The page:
Say, parent, do you fancy yourself a great conversationalist? While it may be easy to strike up a conversation with your adult peers, engaging your kids in meaningful after-school give and take can be more challenging.
If that’s your situation, know that you’re not alone! It’s natural to want to hear all about the academic and social elements of your child’s day, just as it’s natural for them to go silent with end-of-day fatigue.
Let’s consider some practical alternatives to the overly broad “how was your day” question so you can feel more involved in their education and model good communication skills.
1. Tell me one thing that made you laugh today.
We recommend that you start with a light topic and a smile! Time in the car or around the kitchen table doesn’t need to be exclusively about schoolwork . Show your child that you care about what tickles their funny bone.
2. Who in your grade would you like to know better?
Keep the conversation relational. Since social interaction is a significant part of the school experience, let your child take the lead in expressing some of their relationship aspirations.
3. Was there someone who helped you today?
The answer might be a teacher, a staff member, a coach, or a fellow student. Regardless, a follow-up statement of gratitude for someone who helped will reinforce a positive attitude of thankfulness.
4. Did you have a chance to help somebody today?
This question reminds a student of their personal responsibility to model Christ-like caring for classmates and teachers. While your child might not be able to answer in the affirmative, it could prompt some intentional acts of kindness when they’re back at school.
5. Tell me about the best class of the day.
This open-ended question can’t be answered with a “yes,” “no,” or “fine.”
Allow your son or daughter some time to think about this; remember that they’re processing the entirety of the school day! Their answer might provide the springboard for a follow-up question about what they learned in that class.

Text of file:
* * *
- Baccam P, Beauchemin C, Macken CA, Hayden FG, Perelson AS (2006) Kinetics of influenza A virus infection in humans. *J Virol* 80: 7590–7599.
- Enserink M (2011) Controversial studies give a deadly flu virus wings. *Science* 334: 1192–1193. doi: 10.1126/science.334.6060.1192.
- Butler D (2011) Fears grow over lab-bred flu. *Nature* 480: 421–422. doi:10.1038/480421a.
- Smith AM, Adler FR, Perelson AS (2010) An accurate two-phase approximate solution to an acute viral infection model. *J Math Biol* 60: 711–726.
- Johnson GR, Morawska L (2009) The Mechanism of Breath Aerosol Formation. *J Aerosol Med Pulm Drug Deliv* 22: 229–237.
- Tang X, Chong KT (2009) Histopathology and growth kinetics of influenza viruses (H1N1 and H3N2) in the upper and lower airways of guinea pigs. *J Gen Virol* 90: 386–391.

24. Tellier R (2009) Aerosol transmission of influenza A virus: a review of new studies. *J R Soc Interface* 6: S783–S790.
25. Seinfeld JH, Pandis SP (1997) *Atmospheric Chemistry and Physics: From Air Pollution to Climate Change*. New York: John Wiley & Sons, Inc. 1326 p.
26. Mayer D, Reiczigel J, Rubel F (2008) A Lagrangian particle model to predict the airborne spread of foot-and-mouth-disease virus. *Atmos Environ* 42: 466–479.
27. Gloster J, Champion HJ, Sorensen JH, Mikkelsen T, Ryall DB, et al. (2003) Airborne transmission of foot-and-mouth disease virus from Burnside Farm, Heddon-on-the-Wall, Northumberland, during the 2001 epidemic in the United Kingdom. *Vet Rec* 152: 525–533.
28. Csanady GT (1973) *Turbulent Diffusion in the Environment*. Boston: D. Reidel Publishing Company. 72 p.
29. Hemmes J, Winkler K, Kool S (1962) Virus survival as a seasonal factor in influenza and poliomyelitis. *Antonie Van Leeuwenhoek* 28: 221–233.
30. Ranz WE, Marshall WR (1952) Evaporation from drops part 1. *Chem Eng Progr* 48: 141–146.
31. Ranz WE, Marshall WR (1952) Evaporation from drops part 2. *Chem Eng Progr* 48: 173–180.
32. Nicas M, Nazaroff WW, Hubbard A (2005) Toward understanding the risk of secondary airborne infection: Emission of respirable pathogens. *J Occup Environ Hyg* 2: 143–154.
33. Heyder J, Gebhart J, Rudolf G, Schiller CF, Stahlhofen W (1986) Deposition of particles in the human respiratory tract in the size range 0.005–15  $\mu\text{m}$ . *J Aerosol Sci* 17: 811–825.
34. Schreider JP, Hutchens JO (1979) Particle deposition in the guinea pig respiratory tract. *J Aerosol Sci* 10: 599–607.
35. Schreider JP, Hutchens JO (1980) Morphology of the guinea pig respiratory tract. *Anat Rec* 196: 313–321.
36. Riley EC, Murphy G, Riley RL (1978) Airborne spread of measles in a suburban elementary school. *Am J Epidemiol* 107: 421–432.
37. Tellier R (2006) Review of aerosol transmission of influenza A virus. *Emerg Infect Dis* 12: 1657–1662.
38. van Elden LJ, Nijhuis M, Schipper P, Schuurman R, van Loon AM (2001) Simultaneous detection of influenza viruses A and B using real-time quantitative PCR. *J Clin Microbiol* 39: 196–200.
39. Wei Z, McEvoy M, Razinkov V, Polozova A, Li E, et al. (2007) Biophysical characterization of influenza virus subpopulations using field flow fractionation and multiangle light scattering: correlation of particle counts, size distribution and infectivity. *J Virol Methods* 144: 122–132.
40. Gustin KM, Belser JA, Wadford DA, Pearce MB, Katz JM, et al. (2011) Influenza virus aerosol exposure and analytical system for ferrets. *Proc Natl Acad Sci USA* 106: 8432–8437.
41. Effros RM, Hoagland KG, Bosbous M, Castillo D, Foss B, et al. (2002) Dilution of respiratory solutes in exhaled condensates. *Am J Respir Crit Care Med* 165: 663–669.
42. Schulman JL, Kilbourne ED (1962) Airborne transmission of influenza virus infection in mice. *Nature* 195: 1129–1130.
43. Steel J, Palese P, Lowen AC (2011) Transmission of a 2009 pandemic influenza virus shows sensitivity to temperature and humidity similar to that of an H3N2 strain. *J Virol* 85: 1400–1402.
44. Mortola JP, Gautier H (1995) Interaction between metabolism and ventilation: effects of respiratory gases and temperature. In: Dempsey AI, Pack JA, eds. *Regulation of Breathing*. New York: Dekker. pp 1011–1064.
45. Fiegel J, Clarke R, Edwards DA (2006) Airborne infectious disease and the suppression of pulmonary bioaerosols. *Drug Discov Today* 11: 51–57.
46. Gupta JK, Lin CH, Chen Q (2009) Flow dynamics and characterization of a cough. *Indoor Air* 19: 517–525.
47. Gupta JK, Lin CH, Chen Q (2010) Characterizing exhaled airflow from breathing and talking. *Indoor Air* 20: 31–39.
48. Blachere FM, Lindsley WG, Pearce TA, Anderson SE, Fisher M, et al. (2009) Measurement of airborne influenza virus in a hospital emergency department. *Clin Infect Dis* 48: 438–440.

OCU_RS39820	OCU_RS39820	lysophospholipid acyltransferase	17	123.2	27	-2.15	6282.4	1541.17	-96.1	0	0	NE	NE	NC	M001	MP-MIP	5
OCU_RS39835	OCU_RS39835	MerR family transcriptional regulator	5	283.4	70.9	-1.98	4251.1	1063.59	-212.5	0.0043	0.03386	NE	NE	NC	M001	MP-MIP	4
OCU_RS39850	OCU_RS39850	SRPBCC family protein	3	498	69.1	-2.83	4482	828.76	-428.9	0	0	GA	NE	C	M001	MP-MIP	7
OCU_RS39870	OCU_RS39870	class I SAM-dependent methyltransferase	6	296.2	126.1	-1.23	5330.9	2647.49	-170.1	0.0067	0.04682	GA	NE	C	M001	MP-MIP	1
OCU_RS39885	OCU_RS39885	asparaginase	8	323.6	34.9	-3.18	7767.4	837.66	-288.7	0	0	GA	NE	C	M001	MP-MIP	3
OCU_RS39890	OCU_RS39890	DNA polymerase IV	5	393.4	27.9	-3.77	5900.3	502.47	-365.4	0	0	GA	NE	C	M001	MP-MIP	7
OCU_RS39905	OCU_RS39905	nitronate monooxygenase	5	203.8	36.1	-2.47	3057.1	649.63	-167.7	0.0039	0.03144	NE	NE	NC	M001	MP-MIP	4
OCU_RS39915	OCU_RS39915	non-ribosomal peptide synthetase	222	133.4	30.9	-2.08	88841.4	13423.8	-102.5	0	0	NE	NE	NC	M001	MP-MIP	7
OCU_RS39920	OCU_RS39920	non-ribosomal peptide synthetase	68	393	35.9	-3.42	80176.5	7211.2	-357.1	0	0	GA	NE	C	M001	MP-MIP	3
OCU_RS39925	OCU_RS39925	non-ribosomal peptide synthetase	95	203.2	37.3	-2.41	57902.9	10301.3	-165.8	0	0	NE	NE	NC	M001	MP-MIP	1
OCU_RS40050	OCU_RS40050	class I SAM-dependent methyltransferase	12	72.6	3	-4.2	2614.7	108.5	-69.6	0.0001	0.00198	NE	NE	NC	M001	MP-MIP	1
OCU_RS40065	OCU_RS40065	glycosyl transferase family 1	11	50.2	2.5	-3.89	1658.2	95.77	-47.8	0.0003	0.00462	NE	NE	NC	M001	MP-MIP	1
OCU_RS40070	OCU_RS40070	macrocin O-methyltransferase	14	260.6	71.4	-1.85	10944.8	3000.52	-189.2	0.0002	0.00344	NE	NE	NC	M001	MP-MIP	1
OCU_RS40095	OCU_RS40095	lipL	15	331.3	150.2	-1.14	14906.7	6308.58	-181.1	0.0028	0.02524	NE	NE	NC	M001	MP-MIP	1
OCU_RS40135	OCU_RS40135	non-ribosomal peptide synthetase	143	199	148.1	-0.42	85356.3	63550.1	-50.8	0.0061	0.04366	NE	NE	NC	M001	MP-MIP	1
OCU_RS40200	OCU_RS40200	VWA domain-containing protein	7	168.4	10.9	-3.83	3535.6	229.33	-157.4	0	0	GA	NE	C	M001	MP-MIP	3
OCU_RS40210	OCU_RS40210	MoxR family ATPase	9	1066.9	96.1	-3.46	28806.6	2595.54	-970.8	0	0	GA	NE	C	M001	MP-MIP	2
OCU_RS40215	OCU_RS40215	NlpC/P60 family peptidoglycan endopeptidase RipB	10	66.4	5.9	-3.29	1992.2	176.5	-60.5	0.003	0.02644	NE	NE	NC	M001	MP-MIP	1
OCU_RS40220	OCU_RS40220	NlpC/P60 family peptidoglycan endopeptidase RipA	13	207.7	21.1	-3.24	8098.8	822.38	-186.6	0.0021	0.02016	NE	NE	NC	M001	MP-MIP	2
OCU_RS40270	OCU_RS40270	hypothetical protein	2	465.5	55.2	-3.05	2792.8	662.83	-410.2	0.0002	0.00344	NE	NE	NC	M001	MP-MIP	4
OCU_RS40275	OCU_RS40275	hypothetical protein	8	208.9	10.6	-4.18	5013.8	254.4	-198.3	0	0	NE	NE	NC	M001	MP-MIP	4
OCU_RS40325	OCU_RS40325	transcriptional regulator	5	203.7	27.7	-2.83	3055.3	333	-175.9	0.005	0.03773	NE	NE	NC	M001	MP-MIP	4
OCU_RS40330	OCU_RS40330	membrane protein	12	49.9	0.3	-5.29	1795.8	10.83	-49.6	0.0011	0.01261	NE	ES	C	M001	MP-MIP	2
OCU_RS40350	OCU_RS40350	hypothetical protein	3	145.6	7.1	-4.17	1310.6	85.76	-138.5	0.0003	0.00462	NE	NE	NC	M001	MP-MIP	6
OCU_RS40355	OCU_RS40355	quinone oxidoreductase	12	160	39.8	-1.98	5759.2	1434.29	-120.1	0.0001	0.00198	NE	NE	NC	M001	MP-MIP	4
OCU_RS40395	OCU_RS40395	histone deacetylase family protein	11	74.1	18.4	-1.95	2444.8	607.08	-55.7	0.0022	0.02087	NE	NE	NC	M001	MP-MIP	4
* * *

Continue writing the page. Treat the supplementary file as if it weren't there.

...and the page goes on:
6. What was hard for you today?
The answer to this question could be academic, relational, or even physical. Take your cue for follow-up from how serious or heartfelt the answer seems to be. If something was very difficult for your child, expressing understanding might prompt them to provide more details. It’s often helpful to restate that you’ve heard, e.g., “it sounds like that test was really difficult,” rather than, “you should have studied harder.”
7. If you were the teacher, what would you do differently?
This question could help your child demonstrate critical thinking and problem-solving skills, and may also prompt a bit of empathy for the challenges their teachers face.
8. How can I pray for you before you start your homework? A similar idea: is there someone at school for whom we should be praying?
Show your child that you are ready to support them and their classmates through a sincere willingness to pray for their needs!
Topics like this demonstrate the strong partnership that Indian Rocks Christian Schools has forged with parents of school-age children in Largo, FL, since 1984. IRCS administrators, teachers, and staff seek to create an environment of genuine love and concern for each student and parent!